Earning a maximum twelve varsity letters across three sports, this pioneer turned heads as women's athletics at Princeton built on its small foundation of seven sports in the mid-1970s. Goodfellow led the lacrosse team in scoring three out of four years and helped the squash team to four Howe Cup titles after taking the game up for kicks as a freshman. The squash team benefited from her experience from 1991-1994, when she returned to coach.
2 of 10Chuck Solomon/SI
The 2004-05 recipient of Princeton's top athletic award, Pillon, a naturally gifted athlete, was a two-sport Tiger during her collegiate days, playing both lacrosse and soccer (the former being her true passion). On the lacrosse field, she recorded an impressive 104 goals and 150 points. In both her junior and senior seasons, Pillion was named first-team All-America. Now, she is a member of the U.S. touring team, which won the Prague Cup this past June, and a volunteer assistant coach at Princeton.
3 of 10Courtesy of Princeton Athletics
Harris is one of the most decorated track and field athletes in Princeton history. His career highlights include the honor of being named an NCAA All-America five times, the 2006 USA Outdoor champion and the 2007 USA Indoor champion. While in college, he competed in the 2001 World University Games, where he won a bronze medal. The subsequent year, his 2.27-meter jump won him the title of NCAA Indoor and Outdoor high jump champion.
4 of 10Courtesy of Princeton Athletics
An Olympian before even reaching college, Corcione is regarded as Princeton's first great female athlete. Corcione, who swam in the 1968 games in Mexico City, was a member of the university's first women's squad that competed in the Eastern Women's Swimming League after Princeton became coeducational in 1969. As a Tiger, she set national records in both the 100-yard butterfly and 100-yard freestyle. In 1973, with her fellow pioneer teammates Carol Brown ('75), Barb Franks ('76) and Jane Freeman ('75), Corcione won the 200-yard freestyle relay, setring yet another world record.
5 of 10Al Tielemans/SI
Hubbard's arrival in Princeton further asserted the university's presence as a national men's lacrosse powerhouse. As a sophomore, he scored the game-winning goal in overtime to catapult the Tigers to a 13-12 win in the 1996 NCAA championship game. That title was the first of three-straight for Princeton lacrosse. The MLL-bound Hubbard racked up a school-record 163 career goals in orange and black.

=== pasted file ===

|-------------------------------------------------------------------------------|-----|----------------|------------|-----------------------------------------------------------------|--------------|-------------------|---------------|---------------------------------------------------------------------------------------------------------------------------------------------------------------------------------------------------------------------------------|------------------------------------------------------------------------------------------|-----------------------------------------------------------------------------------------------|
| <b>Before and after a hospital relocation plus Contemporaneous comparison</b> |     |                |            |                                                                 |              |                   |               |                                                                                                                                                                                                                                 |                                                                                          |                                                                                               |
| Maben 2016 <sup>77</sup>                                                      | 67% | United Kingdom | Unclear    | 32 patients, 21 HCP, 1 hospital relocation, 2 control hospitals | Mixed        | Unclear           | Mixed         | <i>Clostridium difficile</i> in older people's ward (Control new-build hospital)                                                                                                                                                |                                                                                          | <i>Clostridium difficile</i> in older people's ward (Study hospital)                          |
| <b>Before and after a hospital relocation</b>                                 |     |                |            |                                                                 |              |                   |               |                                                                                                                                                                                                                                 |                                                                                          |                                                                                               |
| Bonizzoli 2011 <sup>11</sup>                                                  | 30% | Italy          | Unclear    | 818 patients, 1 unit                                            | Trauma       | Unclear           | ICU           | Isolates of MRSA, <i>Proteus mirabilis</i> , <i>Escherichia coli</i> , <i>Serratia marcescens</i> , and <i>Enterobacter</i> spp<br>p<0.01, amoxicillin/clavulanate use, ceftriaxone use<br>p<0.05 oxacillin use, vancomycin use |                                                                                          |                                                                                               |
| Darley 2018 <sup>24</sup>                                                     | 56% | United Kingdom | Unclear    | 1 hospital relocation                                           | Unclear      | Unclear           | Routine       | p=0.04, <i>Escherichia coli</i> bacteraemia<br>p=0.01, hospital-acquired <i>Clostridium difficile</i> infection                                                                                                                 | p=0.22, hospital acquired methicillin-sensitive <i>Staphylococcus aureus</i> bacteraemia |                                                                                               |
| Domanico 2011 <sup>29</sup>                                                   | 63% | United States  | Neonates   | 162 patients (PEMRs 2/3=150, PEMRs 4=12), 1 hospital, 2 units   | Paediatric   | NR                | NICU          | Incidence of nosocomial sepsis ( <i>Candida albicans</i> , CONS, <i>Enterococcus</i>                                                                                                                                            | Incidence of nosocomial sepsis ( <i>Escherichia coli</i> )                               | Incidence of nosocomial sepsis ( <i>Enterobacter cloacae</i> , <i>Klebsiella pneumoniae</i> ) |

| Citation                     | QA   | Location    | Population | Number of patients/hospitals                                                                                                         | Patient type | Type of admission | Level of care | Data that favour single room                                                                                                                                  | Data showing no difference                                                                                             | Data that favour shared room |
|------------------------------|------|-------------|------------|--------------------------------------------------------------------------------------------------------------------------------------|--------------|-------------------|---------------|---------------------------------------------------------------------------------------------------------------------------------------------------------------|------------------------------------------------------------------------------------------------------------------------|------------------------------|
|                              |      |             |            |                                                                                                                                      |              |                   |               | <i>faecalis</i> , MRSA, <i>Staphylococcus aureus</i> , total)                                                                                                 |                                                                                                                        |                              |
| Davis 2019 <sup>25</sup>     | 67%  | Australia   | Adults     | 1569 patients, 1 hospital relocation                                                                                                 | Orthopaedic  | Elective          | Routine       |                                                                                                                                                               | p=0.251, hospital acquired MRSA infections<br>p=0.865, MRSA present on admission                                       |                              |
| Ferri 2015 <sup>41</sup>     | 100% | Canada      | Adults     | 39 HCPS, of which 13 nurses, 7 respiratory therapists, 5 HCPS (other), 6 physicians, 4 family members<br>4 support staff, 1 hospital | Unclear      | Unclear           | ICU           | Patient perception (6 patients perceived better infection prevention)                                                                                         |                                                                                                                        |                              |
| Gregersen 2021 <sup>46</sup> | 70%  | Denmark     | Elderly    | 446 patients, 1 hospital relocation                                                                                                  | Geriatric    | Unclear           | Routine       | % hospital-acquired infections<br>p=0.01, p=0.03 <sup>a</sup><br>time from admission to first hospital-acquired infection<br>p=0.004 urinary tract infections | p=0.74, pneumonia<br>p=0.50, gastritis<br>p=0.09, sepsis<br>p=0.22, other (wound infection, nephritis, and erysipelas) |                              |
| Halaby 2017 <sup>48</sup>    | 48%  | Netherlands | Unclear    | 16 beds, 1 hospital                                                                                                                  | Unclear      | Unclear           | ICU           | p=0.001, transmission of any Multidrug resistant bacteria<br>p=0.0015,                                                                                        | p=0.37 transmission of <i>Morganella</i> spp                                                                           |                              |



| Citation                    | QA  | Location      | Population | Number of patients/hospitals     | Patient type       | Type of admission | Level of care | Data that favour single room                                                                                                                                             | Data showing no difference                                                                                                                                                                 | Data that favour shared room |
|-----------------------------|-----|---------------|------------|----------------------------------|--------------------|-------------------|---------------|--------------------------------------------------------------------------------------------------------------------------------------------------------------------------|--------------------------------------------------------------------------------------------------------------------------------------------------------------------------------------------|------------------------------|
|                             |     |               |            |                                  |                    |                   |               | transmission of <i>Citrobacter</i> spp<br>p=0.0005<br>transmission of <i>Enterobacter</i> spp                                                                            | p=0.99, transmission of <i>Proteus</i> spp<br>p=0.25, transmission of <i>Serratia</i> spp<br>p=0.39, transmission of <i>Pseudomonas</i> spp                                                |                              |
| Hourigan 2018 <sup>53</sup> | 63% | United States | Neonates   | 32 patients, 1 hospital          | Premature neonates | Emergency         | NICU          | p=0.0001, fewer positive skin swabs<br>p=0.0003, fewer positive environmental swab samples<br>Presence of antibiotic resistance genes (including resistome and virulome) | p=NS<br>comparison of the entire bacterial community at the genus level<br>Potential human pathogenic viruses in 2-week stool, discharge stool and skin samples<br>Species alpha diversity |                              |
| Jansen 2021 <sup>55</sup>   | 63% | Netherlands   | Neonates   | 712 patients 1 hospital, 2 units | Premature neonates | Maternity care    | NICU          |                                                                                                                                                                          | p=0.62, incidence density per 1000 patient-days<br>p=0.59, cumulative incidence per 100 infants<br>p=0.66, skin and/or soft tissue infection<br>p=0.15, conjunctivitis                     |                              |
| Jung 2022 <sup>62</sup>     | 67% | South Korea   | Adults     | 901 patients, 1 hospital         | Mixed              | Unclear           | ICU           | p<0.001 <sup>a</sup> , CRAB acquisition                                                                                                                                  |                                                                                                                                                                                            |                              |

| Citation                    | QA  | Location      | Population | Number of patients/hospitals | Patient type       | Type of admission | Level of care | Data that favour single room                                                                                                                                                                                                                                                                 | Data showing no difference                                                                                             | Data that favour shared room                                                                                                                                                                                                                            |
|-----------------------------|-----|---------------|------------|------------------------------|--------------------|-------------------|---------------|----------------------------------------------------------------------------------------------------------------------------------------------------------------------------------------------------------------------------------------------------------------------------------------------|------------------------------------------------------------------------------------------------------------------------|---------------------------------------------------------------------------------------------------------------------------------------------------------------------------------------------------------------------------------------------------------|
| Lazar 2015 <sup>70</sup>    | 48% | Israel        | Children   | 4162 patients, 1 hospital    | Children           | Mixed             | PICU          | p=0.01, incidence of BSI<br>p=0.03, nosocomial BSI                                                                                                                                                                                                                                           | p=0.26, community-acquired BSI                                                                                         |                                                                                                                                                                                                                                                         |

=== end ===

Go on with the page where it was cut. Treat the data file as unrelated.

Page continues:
6 of 10
Elias burst through holes and into the Ivy record books in the mid-90s, providing the driving force behind Princeton's 1992 league title. His 320 points scored and 4,208 rushing yards rank third and fifth in Ivy history, respectively. In the Princeton record books, he's all alone at the top in rushing yards per game (299), season (1731) and career.
7 of 10AP
Yasser El Halaby
Yasser El Halaby has been the top-ranked squash player in the world at his age since he was 12-years-old. His dominance continued at Princeton, where he became the first player to win the NCAA individual title in his sport for four straight years.
8 of 10Courtesy of Princeton Athletics
Kazmaier's 1951 season was one of the finest ever by a Princeton athlete. Against then-undefeated Cornell, the tailback scored five touchdowns (three pass, two run) and piled up 360 yards of total offense en route to a 53-15 Princeton win. The rout was just one of that season's many highlight reels for Kazmaier, who that year won Princeton's first (and only) Heisman trophy.
9 of 10AP
Recognized as the first great American hockey player, Baker was a three-sport athlete at Princeton before the school's regulations forced him to drop it down to two. No sweat for Baker: he went on to lead the Tigers to two national titles in hockey and one in football. The award for the country's top collegiate player now bears his name, and, after his death in World War I, his legacy of being an athlete and a gentleman remains at Princeton.
10 of 10Neil Leifer/SI
U.S. Senator, presidential candidate, Olympic gold medalist: Bill Bradley boasts quite a few honors. But the three-time All-America hoopster may have shined brightest in orange and black, averaging 30.2 points per game and leading the Tigers to an Ivy League title in each of his four seasons before graduating as a Rhodes Scholar.
You May Like
More More Sports
Sign Up for our Newsletter
Don't get stuck on the sidelines! Sign up to get exclusives, daily highlights, analysis and more—delivered right to your inbox!